In terms of page content, all eight vaccine-critical Internet sites analysed by [3] were concerned with vaccine safety and claim a causal relationship between vaccinations and illnesses of unknown origin, e.g. multiple sclerosis, autism, asthma and sudden infant death syndrome. Arguments are continually repeated, for example: vaccines erode immunity (seven of eight), create only temporary or ineffective immunity (seven of eight), contain many ingredients and preservatives that will make you sick (eight of eight), overwhelm children's immune systems, especially when administered in combination (three of eight). At the same time, treatments superior to vaccination are promoted, e.g. homeopathy (seven of eight). In addition, anti-vaccination websites are very well connected, as they all provide links to similar sites [3].

A key feature on seven of the eight examined websites was the inclusion of emotive appeals, such as pictures and stories of children who were supposedly harmed by vaccinations. An example for such descriptions of personal experiences, posted on a German website, reads as follows: 'My four year-old daughter received the five-in-one combination vaccine at nine months, she then had a fever for two weeks, was apathetic and had screaming fits, since then she has suffered from atopic dermatitis and many allergies. My son is now four months old and I don’t know if I should get him vaccinated or not (...)'. Parents appear to have a preference for personal information when searching on health related topics, i.e. information from parent to parent: even parents-to-be already search for such information, mainly through internet forums (bulletin boards) where they can post questions that are then answered by other parents [15]. In this way, a communication tree is created documenting all posted questions and their subsequent answers. The information that was found in a German content analysis of a baby forum in 2008 revealed that only 19% of the postings contained scientific information while 68% had personal and emotional content [15]. The above-mentioned analysis of anti-vaccination web-sites [3] explicitly excluded sources that contain large amounts of personal narrative information, e.g. news groups, forums, and social media such as Facebook or Twitter. There is, for example, an anti-vaccination profile from New Zealand on Facebook with nearly 14,500 people 'liking' the page in April 2011, which implies that 14,500 users receive anti-vaccination updates, often several times a day. Moreover, during the influenza A(H1N1) pandemic 22.5% of tweets contained personal experiences about the illness or the vaccination [16]. Thus, past analyses probably largely underestimate the availability of (anti-)vaccination narratives on the Internet.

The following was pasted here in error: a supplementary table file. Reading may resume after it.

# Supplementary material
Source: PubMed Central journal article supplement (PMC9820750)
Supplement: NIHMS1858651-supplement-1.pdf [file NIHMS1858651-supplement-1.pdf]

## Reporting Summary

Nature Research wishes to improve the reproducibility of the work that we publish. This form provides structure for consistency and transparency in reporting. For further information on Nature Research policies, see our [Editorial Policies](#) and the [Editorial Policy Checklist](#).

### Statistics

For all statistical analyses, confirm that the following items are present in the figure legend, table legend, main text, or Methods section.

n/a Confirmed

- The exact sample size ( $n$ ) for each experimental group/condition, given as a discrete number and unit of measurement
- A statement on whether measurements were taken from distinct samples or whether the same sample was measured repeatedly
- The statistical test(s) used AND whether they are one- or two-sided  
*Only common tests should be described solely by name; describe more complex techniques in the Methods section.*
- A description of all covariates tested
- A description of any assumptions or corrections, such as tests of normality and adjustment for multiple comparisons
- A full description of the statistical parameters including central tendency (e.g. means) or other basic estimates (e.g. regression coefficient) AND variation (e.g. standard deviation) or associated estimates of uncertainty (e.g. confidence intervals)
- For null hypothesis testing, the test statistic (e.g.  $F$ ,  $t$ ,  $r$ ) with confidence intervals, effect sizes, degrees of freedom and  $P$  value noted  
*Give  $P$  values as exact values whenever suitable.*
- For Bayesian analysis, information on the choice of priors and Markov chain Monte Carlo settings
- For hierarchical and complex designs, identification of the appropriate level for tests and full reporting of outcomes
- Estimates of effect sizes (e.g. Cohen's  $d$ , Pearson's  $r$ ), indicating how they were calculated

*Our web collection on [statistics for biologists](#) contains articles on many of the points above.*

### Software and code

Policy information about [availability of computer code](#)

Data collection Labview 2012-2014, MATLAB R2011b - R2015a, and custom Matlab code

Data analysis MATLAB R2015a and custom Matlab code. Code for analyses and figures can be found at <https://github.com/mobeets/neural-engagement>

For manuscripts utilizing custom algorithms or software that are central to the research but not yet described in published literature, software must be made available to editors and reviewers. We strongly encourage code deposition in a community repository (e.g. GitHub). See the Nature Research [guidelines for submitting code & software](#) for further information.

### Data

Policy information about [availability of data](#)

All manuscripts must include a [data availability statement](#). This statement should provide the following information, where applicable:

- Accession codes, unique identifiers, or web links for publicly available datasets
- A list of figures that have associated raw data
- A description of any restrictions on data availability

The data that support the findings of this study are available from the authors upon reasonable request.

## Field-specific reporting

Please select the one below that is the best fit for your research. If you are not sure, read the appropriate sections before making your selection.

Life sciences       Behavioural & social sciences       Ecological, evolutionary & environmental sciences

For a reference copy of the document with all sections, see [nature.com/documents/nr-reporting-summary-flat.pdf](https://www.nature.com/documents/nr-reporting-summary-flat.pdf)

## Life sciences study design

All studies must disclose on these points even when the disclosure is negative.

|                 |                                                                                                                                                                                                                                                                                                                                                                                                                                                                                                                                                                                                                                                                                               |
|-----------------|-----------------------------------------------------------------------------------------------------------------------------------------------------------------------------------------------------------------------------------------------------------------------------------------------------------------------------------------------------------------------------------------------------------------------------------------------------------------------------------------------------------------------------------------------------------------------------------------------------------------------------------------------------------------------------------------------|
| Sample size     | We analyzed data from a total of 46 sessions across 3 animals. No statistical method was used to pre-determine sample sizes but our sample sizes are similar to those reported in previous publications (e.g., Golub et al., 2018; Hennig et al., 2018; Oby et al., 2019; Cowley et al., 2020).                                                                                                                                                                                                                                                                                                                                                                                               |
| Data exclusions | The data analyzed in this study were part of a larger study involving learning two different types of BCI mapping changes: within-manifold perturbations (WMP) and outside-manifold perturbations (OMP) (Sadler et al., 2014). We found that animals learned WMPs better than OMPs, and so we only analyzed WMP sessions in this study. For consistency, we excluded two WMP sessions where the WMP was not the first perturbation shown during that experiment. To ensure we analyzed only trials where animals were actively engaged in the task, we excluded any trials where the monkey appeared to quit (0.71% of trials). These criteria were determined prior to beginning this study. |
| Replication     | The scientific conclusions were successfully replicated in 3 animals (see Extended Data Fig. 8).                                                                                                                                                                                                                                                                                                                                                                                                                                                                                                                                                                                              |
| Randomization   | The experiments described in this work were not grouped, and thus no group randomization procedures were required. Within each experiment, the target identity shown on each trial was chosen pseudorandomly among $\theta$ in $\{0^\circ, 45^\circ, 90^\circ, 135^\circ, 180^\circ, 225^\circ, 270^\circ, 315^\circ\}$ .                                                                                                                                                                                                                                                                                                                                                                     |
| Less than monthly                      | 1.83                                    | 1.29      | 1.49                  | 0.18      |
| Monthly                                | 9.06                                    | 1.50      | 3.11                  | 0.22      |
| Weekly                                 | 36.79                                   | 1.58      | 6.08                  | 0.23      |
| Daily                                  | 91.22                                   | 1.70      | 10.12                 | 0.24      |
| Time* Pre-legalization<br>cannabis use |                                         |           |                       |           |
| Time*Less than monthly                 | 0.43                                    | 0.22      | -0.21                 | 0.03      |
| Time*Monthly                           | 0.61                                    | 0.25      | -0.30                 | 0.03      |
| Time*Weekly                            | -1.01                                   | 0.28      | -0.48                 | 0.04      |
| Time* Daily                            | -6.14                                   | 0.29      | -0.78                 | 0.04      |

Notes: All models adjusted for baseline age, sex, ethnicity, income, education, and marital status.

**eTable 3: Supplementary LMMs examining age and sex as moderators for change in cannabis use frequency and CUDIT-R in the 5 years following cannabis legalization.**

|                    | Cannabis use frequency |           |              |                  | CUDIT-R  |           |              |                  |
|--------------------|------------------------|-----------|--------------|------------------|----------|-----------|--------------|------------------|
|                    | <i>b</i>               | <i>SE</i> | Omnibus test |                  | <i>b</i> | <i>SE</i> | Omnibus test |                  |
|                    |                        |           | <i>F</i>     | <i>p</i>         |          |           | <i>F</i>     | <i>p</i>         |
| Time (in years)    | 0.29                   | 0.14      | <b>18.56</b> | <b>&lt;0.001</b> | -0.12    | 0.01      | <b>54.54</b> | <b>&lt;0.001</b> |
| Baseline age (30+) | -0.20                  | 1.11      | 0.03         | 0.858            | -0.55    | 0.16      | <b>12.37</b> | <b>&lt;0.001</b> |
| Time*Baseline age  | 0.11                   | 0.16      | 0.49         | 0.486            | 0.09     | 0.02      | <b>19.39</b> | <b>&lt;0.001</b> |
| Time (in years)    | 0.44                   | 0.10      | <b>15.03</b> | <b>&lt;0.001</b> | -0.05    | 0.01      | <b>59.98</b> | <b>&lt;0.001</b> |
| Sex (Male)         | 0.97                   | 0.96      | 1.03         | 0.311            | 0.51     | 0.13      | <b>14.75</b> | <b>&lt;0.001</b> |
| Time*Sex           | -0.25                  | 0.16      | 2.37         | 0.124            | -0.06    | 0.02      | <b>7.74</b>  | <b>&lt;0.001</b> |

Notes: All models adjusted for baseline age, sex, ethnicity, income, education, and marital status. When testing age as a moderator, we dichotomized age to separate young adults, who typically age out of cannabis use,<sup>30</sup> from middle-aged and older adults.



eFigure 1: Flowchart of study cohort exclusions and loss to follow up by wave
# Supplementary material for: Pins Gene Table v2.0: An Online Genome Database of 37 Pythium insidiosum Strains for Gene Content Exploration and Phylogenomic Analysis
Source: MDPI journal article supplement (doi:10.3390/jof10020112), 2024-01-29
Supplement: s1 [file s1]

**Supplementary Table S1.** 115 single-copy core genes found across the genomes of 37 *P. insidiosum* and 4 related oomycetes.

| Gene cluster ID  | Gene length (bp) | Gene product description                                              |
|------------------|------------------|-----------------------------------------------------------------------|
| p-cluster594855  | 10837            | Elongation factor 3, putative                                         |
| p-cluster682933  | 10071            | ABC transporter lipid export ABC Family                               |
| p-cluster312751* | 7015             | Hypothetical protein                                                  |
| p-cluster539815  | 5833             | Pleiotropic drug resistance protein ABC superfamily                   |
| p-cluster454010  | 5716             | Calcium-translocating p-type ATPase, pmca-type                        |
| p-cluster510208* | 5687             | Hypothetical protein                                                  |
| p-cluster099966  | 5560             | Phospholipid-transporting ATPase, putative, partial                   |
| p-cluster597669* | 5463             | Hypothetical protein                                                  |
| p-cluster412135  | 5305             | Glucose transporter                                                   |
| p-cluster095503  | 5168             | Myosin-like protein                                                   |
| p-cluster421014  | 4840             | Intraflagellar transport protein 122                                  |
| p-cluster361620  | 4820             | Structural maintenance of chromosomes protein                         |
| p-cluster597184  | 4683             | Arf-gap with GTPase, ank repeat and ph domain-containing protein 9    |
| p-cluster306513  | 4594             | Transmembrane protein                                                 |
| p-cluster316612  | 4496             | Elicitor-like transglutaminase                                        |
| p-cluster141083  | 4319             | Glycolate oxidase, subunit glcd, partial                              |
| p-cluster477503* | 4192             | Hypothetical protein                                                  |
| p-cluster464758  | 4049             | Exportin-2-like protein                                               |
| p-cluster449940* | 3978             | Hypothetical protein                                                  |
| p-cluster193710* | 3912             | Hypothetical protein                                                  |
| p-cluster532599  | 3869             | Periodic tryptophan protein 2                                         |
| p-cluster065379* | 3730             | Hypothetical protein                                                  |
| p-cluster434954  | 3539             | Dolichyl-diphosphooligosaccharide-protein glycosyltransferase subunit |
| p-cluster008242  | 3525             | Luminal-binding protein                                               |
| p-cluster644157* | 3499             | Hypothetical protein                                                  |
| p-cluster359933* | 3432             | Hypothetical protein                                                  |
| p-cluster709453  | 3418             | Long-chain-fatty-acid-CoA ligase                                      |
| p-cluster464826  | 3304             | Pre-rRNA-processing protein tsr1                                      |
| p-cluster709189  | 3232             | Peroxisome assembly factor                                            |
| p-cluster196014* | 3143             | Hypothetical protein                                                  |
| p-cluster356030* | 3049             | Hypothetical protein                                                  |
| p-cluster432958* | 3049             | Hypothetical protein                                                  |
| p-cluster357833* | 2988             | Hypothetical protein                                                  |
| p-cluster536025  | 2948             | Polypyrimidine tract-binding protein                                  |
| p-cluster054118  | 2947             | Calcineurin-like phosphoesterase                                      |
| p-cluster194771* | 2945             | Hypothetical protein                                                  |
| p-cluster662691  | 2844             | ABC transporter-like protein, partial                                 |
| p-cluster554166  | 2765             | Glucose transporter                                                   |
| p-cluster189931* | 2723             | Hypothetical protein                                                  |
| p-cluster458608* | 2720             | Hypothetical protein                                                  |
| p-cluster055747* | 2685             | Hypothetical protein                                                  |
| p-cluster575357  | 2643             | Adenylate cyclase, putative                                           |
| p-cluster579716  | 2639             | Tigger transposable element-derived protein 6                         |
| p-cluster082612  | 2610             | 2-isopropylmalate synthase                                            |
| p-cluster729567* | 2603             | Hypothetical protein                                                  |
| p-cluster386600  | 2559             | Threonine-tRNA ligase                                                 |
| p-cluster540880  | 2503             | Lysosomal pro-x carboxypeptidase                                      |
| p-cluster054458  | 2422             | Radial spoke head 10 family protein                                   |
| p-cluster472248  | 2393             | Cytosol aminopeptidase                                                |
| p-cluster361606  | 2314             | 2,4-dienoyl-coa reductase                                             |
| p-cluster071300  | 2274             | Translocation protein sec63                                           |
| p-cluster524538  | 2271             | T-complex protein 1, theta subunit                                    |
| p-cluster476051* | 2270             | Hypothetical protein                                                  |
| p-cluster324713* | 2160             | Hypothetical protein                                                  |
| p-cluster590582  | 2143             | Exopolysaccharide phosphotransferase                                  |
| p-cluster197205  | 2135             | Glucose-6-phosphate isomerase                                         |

In summary, a Google search leads to vaccine-critical sites in about one of five hits on immunisation; these sites provide an abundance of critical arguments as well as emotive appeals against vaccination. Additionally, participation in social media or online forums grants access to a plethora of personal narrative information. In the following, I will outline how this kind of information influences risk perceptions and vaccination intentions.

Effects of the Internet on the perception of vaccination risks